The Hill: Use tax reform to strengthen what’s working: The low-income housing tax credit
By Ed Brady and Terri Ludwig, Opinion Contributors
Now that the GOP has released a tax reform framework, Congress will try to pass sweeping tax reform legislation in the few short weeks left in this year’s legislative calendar. While we hear reports of the latest negotiations around tax rates, tax base-broadening and simplification, we don’t often hear about another critical issue for which tax reform has profound implications: rental housing.
Housing policy will not be the driving force in tax reform, but it has a tremendous impact on millions of families and our economy, and could be significantly strengthened – or significantly undermined – during the process. Crucially, the tax reform framework proposes to maintain America’s primary tool for encouraging the development of low-income rental housing, the Low-Income Housing Tax Credit (Housing Credit), a strong show of support at a time when more and more families struggle every year to pay the rent.
The Housing Credit has been driving the production of nearly all new affordable homes for over 30 years. The reason that it’s endured with such strong bipartisan support is that it achieves exactly what Congress intended – it addresses a gap in the market through public-private partnerships. It doesn’t make economic sense for developers to build housing that’s affordable to low-income households unless they have some kind of incentive or subsidy. The Housing Credit does just that, encouraging developers to build and investors to provide financing for homes that would otherwise be infeasible – more than 3 million of them over the past three decades. As the GOP framework notes, the Housing Credit has “proven to be effective in promoting policy goals important in the American economy.”
Nearly half of the affordable homes financed by the Housing Credit also use multifamily housing bonds, an essential tool for the preservation of existing affordable housing. When possible, preservation is often much more cost-effective than building only new developments. Maintaining access to these housing bonds in a reformed tax code will ensure that the Housing Credit works as efficiently and effectively as possible.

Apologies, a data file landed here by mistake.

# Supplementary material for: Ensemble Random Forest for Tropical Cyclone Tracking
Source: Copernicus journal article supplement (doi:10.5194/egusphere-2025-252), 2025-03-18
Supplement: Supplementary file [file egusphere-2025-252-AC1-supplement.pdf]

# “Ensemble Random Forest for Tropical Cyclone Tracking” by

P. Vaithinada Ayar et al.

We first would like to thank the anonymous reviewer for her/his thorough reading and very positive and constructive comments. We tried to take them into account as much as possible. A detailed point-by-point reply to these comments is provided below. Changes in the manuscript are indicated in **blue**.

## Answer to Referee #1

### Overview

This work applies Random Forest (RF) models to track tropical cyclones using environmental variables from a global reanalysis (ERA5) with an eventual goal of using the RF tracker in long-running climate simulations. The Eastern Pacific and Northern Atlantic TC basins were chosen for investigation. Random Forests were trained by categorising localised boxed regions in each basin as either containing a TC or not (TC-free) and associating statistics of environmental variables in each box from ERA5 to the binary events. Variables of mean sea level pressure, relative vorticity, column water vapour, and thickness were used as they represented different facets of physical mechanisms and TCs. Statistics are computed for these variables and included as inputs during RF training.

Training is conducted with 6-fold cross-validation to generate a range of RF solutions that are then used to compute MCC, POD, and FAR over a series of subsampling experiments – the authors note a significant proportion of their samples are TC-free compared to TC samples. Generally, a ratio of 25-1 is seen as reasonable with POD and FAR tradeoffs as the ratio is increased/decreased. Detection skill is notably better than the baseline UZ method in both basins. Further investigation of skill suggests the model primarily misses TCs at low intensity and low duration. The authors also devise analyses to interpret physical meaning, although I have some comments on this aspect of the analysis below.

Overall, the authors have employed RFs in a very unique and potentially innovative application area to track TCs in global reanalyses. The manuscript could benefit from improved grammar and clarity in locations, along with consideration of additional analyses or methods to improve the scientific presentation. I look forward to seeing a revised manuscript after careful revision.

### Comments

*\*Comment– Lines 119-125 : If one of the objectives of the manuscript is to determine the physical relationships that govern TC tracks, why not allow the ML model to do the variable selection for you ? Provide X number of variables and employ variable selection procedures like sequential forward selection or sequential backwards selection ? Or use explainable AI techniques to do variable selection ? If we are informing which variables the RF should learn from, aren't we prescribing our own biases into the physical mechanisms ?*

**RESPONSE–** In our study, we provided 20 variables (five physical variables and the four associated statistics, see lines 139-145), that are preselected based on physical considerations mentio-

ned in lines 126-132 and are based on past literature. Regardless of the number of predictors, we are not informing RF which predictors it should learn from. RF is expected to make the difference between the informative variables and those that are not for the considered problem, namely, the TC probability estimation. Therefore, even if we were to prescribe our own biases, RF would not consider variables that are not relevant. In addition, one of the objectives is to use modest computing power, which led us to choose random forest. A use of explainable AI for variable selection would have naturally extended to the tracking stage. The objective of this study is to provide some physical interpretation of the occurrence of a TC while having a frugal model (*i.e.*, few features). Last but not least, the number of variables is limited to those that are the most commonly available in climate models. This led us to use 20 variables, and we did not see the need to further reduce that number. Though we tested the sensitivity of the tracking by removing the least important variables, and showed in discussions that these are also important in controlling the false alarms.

Since the Housing Credit was signed into law by President Reagan in 1986, the need for this program has continued to grow. According to HUD’s recently released “Worst Case Housing Needs,” there are 8.3 million very low-income families who are either paying more than half their monthly income on rent, living in severely substandard housing, or both. This hurts their ability to stay healthy, buy nutritious food and maintain a steady job, and their kids’ chances to do well in school.
We simply aren’t producing affordable apartments fast enough to keep up with the number of low-income renters entering the market. Harvard’s Joint Center for Housing Studies found that the share of renters in the US housing market has gone up 5 percent since 2004. Largely due to this increased demand, rent for the average apartment has nearly doubled, but wages have only increased slightly – meaning that for your average low-wage worker, housing has become nearly impossible to afford.
Senators Maria Cantwell and Orrin Hatch recently introduced a bill that would advance a recommendation from the Bipartisan Policy Center to expand the Housing Credit by 50 percent, which would finance up to 400,000 more affordable homes over the next decade than would otherwise be possible. This is the most viable bipartisan proposal to make a meaningful dent in our nation’s growing affordable housing gap. It also includes several important changes to the program, including provisions to encourage mixed-income developments, enable the Housing Credit to serve lower-income tenants better, make it a more effective tool in rural areas, and support the preservation of our existing affordable housing using housing bonds.
These are common-sense, non-partisan reforms, which is why the Affordable Housing Credit Improvement Act has such strong support on both sides of the aisle and in both chambers of Congress. And with tax reform on the horizon, these sorely-needed changes may finally be possible.
Tax reform should be an opportunity to strengthen what’s working. It’s important that Congress not only recognize the value of retaining the Housing Credit in the tax code, but seizing upon this moment to build a stronger housing policy for the future.
This article was originally published on October 2, 2017 at: http://thehill.com/blogs/congress-blog/